Cairo: Egyptian security forces fired tear gas today at demonstrators protesting President Abdel-Fattah el-Sissi's decision to hand over two Red Sea islands to Saudi Arabia.
Chants of "leave, leave!" directed at el-Sissi marked the first significant wave of street protests since the former army chief became president in 2014.
Riot police first cracked down on protesters in Cairo's twin city of Giza, where demonstrators had gathered at two prominent mosques after Friday prayers and started marching toward Tahrir Square downtown.
Many carried signs reading, "Land is Honor" and denouncing the surrender of the islands. Others chanted, "The people want the fall of the regime" and "Down with military rule!"
After police fired tear gas, the protesters ran in all directions, according to videos posted online by activists.
Several photojournalists covering the protests were briefly detained near al-Istiqama mosque in Giza, according to witnesses at the scene who spoke on condition of anonymity because they feared for their own safety.
All unauthorized demonstrations in Egypt are illegal and security forces have, in the past, used lethal force against peaceful demonstrators.
Egypt's state news agency quoted an unnamed official as saying that the protesters were members of the banned Muslim Brotherhood group and that they chanted "anti-regime slogans."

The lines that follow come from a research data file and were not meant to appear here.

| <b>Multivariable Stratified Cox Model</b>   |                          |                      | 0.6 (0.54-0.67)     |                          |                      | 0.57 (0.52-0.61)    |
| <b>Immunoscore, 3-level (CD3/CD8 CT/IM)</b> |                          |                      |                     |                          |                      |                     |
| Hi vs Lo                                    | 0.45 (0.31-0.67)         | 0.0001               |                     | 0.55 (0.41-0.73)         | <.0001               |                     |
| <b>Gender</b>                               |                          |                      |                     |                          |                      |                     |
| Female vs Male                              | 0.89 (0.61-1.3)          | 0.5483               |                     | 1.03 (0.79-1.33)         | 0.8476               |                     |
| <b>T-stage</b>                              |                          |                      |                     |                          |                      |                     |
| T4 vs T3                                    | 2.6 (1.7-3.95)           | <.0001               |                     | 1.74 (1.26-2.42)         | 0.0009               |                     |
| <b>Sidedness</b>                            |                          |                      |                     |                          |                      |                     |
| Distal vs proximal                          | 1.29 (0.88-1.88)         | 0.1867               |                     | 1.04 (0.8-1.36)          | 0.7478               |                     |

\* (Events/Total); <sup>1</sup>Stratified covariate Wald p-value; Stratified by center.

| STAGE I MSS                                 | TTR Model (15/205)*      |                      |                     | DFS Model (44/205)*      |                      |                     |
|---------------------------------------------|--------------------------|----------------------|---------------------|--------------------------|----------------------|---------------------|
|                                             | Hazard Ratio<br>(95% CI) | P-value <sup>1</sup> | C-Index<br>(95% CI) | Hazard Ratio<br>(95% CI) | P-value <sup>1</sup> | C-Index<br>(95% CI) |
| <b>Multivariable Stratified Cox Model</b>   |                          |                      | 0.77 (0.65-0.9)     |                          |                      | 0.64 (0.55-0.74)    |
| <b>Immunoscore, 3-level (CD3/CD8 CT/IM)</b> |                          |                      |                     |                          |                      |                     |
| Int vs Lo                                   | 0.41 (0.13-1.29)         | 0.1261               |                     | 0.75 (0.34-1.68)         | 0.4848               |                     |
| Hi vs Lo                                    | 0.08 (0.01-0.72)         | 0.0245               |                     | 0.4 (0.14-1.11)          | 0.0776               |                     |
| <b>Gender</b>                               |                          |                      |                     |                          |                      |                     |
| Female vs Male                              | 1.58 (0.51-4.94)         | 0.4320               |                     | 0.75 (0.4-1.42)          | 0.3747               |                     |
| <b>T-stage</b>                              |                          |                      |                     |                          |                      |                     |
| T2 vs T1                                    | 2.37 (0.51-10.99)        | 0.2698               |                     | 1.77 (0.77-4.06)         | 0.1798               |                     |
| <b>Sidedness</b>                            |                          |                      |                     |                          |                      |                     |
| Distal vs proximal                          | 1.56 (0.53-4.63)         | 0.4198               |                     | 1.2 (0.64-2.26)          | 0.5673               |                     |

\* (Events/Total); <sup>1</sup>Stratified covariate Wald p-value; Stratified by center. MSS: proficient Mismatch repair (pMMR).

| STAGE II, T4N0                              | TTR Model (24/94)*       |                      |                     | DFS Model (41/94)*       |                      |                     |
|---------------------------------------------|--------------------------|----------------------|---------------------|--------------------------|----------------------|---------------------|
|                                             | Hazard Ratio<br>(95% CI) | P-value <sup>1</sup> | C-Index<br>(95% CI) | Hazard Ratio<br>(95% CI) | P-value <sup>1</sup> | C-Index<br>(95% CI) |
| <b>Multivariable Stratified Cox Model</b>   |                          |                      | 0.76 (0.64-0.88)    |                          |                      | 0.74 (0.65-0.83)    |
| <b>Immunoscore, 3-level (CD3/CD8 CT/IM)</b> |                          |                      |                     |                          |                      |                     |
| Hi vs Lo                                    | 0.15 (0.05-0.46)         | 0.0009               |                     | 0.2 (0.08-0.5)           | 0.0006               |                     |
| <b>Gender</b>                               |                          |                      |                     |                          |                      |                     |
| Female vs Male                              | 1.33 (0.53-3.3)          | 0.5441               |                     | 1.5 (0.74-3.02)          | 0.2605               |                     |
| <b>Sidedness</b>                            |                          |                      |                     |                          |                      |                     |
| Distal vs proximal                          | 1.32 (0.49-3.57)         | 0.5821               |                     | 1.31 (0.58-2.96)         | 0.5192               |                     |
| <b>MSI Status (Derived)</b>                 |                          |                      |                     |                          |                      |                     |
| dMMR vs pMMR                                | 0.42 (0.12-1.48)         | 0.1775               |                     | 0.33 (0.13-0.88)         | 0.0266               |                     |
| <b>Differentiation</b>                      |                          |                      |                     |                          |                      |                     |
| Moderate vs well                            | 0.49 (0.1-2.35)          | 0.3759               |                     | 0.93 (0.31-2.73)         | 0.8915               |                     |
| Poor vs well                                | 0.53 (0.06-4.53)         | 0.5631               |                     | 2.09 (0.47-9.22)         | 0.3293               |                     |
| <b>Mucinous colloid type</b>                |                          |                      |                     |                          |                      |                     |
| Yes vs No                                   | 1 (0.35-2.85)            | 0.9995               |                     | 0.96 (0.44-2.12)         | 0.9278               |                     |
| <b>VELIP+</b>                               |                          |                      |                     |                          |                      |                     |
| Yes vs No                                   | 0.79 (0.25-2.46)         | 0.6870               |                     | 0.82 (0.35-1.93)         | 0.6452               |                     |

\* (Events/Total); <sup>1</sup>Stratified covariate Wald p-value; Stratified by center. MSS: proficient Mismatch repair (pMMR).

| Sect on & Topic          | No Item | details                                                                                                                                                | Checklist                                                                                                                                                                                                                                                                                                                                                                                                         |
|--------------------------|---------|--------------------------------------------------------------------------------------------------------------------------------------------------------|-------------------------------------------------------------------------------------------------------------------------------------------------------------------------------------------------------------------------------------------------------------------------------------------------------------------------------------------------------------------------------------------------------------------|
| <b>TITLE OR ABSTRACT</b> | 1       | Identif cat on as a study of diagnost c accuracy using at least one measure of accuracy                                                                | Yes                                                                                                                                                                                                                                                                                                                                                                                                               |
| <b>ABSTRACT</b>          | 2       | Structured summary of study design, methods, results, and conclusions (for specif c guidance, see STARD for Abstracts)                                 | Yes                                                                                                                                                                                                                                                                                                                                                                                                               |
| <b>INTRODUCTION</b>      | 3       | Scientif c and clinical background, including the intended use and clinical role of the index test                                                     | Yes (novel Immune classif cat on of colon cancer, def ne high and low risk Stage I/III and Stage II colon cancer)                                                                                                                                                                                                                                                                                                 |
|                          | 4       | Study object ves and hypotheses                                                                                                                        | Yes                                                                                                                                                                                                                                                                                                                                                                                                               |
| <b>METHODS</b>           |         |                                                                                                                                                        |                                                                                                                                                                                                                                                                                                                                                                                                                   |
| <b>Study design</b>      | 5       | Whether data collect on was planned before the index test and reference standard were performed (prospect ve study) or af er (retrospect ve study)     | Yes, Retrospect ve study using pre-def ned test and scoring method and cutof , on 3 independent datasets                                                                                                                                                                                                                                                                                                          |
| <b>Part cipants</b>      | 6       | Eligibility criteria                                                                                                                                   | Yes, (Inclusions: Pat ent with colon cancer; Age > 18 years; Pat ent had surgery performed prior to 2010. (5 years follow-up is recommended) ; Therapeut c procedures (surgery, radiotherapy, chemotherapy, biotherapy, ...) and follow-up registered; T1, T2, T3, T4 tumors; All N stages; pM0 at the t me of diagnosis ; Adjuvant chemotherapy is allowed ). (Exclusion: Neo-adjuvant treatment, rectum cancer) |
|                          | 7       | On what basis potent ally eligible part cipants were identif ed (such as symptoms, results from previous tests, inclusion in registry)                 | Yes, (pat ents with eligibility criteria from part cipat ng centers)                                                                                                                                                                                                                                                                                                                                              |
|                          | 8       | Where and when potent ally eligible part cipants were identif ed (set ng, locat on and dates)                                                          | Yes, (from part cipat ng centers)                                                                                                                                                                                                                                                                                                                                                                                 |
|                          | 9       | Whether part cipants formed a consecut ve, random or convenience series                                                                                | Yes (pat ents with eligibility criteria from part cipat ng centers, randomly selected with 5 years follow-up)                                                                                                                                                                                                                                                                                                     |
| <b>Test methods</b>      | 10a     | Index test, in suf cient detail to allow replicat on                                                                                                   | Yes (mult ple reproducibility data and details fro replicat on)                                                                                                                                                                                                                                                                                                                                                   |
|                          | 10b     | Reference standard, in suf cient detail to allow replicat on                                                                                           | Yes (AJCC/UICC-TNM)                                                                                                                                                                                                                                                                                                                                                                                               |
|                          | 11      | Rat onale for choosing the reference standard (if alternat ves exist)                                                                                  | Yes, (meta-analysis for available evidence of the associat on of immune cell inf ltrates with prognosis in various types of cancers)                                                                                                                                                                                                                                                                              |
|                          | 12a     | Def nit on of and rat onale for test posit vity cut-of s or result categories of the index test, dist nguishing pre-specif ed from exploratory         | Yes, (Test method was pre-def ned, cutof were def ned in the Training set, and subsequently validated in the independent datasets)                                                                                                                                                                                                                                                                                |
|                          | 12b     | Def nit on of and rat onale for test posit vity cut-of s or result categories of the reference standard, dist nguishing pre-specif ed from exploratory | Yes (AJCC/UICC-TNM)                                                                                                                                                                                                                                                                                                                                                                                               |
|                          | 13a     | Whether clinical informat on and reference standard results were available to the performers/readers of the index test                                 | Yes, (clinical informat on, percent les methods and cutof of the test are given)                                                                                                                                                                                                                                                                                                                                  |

The official said police responded with tear gas after protesters threw rocks at them.
Another demonstration of nearly 2000 protesters gathered outside the Press Syndicate downtown, a few meters from a collection of armored vehicles and hundreds of police in full riot gear who sealed off the surrounding streets.
The protesters there chanted, "They sold our lands to the Saudis." Except for a handful of bearded men and female protesters wearing full-face veils, there was little sign of an organized Islamist presence among the demonstrators.
"If we give up the lands now, there will be more future concessions for him to stay in power, for few more months," said Alaa Morsi, one of the protesters, echoing a widely-held notion that el-Sissi essentially sold Egyptian territory in exchange for much-needed Saudi financial support, to shore up his rule.
What infuriated many was the secretive nature of the deal and particularly its timing. It was announced at the same time the Saudis were pledging billions of dollars of loans, causing critics and even some former el-Sissi supporters to accuse the president of a desperate and humiliating territorial sell-off.